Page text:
Move over, reality singing competition shows. Singing is so last year. What’s hot now, apparently, is performing in a way that has all the characteristics of singing, except without any pesky vocalizing whatsoever. The time has come for competitive lip syncing on TV—and possibly at your place.
According to legend, the seed that grew into Lip Sync Battle, the new hit show on Spike TV, was planted on a road trip from Ojai to L.A. in the spring of 2013. The Office star John Krasinski was driving with his friend, The Office (U.K.) co-creator Stephen Merchant, and they were reportedly jamming the hell out. Upon regaining their composure, the two began an earnest discussion of what Krasinski might do during his imminent appearance on Late Night With Jimmy Fallon. Merchant suggested he merely repeat what they’d just been doing: rocking out without actually singing.
Krasinski brought the idea to Fallon, and thus was born the first “Lip Sync Off.” By the time Emma Stone tore the roof off of Fallon’s Tonight Show studio in a lip sync battle a year last April, with 48 million YouTube views to show for it, a deal was already in place for a spin-off show, with Krasinski, Merchant and Fallon as producers.
Lip Sync Battle, which airs Thursday nights at 10pm, debuted on April 2 to 3.2 million viewers, the strongest series premiere in Spike TV’s history. On the show, co-hosts LL Cool J and Chrissy Teigen judge guests like Dwayne Johnson and Anna Kendrick as they attempt to outdo each other at silent singing. But what exactly makes for a killer competitive lip syncing performance? Co.Create spoke with the show’s director, Beth McCarthy, an 11-year SNL vet, and executive producer Casey Patterson to find out how to enhance your performance without raising your voice.
The best way to leave an impression when lip syncing is to show how much you love the song—by just going for it.
Beth McCarthy: Commitment is absolutely number one. Some people you see the incredibly precise lip syncing and you’re blown away; other people, it’s style points and the interpretation of the song. But when somebody truly loves the song, it’s the most fun to watch. You can always tell when someone’s done this in the car and in front of the mirror about 50 times.
Casey Patterson: We felt early on that people would only be comfortable going all out if it was a song that actually meant something to them. Not in a hokey way but because they know it, that’s their jam. So since there couldn’t be any limitations on the music front, we decided there’d be no songbook. Let the guest choose the song they’ll be into the most.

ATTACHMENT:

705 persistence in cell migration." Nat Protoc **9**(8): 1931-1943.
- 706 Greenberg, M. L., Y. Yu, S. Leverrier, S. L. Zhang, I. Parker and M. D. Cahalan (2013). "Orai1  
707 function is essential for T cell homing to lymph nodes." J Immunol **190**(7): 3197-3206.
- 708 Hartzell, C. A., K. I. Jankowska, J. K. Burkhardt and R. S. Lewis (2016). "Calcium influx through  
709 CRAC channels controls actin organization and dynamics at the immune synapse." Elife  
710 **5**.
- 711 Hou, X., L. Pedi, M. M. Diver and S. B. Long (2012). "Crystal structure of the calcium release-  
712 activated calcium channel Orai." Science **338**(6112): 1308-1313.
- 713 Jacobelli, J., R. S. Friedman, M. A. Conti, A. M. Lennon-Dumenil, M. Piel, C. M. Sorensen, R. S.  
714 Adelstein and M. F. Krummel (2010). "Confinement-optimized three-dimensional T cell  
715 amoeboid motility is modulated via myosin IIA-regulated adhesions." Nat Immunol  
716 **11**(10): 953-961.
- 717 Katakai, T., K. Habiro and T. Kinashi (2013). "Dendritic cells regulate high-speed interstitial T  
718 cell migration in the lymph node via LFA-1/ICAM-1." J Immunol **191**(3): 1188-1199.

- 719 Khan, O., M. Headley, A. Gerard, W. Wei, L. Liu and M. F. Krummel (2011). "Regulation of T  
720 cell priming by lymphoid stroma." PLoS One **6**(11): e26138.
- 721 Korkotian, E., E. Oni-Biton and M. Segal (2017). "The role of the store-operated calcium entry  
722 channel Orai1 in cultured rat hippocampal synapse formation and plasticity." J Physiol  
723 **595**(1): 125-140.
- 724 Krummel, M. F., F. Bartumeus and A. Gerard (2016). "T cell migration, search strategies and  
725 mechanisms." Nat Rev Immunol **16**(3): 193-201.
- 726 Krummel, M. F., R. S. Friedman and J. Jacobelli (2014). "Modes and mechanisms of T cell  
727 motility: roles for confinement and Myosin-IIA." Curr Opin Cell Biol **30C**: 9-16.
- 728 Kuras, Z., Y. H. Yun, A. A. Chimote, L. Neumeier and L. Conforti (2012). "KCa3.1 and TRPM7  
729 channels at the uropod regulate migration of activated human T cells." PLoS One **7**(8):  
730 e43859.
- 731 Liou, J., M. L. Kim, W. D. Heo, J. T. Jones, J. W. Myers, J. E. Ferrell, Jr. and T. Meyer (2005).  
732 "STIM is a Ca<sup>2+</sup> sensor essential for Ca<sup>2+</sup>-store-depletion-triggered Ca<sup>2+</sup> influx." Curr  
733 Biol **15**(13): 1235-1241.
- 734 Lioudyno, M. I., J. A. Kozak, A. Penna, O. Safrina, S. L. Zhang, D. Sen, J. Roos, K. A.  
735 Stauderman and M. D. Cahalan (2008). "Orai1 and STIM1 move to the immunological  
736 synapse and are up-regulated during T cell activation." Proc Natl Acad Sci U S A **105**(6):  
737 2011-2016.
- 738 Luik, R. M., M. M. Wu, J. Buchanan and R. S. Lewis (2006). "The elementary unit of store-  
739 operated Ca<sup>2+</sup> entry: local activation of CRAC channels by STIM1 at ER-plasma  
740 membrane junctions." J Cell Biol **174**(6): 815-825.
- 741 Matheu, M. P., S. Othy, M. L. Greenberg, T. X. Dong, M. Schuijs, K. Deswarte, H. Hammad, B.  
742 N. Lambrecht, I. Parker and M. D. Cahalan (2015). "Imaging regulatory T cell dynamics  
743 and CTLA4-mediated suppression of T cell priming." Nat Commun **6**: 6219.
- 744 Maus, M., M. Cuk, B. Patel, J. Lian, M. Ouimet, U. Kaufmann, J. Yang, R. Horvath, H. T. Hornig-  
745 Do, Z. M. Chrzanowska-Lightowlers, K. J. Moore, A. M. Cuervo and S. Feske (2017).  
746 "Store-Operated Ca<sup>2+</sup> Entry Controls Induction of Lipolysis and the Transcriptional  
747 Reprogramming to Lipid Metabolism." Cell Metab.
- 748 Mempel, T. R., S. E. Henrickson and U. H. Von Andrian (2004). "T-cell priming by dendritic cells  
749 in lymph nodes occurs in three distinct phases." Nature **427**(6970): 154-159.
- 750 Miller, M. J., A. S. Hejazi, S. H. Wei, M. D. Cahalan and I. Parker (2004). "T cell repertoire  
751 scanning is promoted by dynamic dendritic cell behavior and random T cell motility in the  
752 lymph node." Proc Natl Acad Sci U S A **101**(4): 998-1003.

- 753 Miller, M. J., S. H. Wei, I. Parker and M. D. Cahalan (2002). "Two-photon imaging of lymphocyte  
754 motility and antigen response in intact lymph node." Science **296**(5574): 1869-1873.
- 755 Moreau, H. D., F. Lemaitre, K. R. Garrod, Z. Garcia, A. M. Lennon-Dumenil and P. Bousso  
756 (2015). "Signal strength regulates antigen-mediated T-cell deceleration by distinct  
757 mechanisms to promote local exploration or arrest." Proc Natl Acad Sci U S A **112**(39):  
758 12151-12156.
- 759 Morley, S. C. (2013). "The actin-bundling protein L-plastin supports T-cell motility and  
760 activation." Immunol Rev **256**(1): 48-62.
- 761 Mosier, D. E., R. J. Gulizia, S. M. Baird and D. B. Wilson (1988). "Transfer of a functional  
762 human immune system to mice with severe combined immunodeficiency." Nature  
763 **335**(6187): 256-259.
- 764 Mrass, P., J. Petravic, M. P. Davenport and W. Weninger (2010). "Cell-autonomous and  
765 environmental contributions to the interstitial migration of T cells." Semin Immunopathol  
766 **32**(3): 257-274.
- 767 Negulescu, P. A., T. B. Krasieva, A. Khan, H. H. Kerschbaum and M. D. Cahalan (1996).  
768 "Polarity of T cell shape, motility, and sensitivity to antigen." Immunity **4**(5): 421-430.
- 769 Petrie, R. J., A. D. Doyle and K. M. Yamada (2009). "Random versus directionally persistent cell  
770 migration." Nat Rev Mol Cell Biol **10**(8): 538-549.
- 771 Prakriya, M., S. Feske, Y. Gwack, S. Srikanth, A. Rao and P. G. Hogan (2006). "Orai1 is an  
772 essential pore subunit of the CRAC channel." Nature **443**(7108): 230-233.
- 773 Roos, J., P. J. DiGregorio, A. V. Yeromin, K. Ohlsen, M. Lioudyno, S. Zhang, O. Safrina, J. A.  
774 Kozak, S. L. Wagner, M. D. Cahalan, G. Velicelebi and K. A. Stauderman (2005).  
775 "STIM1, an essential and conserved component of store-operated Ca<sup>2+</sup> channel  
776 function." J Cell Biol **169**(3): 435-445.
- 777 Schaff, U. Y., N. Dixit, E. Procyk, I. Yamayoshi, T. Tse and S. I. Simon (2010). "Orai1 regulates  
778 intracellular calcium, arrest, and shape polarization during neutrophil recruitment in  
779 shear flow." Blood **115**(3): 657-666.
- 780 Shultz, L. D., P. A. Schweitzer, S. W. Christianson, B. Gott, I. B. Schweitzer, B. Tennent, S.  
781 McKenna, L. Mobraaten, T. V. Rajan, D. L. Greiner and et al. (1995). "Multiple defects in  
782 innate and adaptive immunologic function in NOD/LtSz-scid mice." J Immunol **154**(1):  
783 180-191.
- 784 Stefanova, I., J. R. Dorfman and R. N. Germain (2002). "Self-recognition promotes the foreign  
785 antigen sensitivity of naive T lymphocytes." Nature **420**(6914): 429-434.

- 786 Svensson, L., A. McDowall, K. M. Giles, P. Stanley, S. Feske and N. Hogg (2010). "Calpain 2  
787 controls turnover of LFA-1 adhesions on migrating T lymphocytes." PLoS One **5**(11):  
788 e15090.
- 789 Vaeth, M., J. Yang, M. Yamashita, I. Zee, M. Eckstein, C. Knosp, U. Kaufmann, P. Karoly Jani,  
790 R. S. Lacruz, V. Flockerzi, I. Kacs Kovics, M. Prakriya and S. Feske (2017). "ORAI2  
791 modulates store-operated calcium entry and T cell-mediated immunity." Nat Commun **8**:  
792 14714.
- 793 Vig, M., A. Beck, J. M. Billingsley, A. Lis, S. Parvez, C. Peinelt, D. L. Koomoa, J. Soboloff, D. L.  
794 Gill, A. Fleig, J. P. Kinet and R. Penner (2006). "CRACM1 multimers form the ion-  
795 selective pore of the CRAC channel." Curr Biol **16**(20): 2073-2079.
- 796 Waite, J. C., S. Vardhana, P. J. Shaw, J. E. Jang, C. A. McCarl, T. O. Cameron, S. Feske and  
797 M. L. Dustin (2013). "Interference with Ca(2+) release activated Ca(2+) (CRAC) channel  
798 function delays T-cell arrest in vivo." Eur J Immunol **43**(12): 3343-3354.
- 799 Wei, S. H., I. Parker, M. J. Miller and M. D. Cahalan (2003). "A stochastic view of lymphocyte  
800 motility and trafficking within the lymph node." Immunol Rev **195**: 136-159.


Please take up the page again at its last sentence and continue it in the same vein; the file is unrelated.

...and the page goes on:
Use what people expect of you against them.
Patterson: The most successful bookings are when someone has a huge persona, and then they’re playing against type. Emma Stone was a great example of that on The Tonight Show where she was dressed in a prim and proper way and we know her and love her in a very specific zone—and then she came on and did DJ Khaled and she just owned it and crushed it and you absolutely knew that she didn’t learn that song for The Tonight Show.
When lip syncing, you have more weaponry at your disposal than just numerical hand gestures when an integer is mentioned in the song. You have a butt—consider shaking it.
Patterson: Mike Tyson put on tight Mick Jagger pants. They were essentially leather leggings. I’m not sure that he knew any of the words to the song he did, but he was so into the dancing that you literally could not watch anything else. When someone delivers a killer performance, whether they know all the words perfectly or not doesn’t matter much.
It’s not called Lip Sync Battle for nothing. Pick a person out of the room and lip sync at them to heighten the drama.
McCarthy: Some of the people kind of give the nod to their opponent, which is fun.
Patterson: They’ll choose songs in certain cases where the lyrics are taunts. Like the “Wrecking Ball” lyrics, some of them, like Anne was swinging around on the wrecking ball and actually when she would sing towards Emily she seemed to be singing very specific lyrics to her.
McCarthy: Then when Anna Kendrick did “Everybody Wants To Steal My Girl,” she basically sang it about Emily Blunt in front of John Krasinski, who is obviously her husband.
On Lip Sync Battle, nobody knows what the other person will be performing beforehand—which sort of recreates the karaoke mystique of pushing in the numbers of a song when nobody is looking and surprising everyone when “Rock You Like a Hurricane” comes on and you confidently grab a microphone.
Patterson: Other people’s reactions are key. We take great measures to make sure that they don’t know what their opponent is doing, so that you have those reactions on camera. We clear the space, take them to a different building to their dressing rooms before we’ll start the rehearsal for the other person.
McCarthy: Queen Latifah did the show and she actually surprised LL Cool J. She wanted to do one of LL Cool J’s songs but she wanted it to be a surprise. So she did a full rehearsal in front of him, and it was a decoy rehearsal of a different song that she never intended to use in front of him. He was giving her notes on that performance.
Patterson: And giving the dancers notes.
McCarthy: He never saw it coming.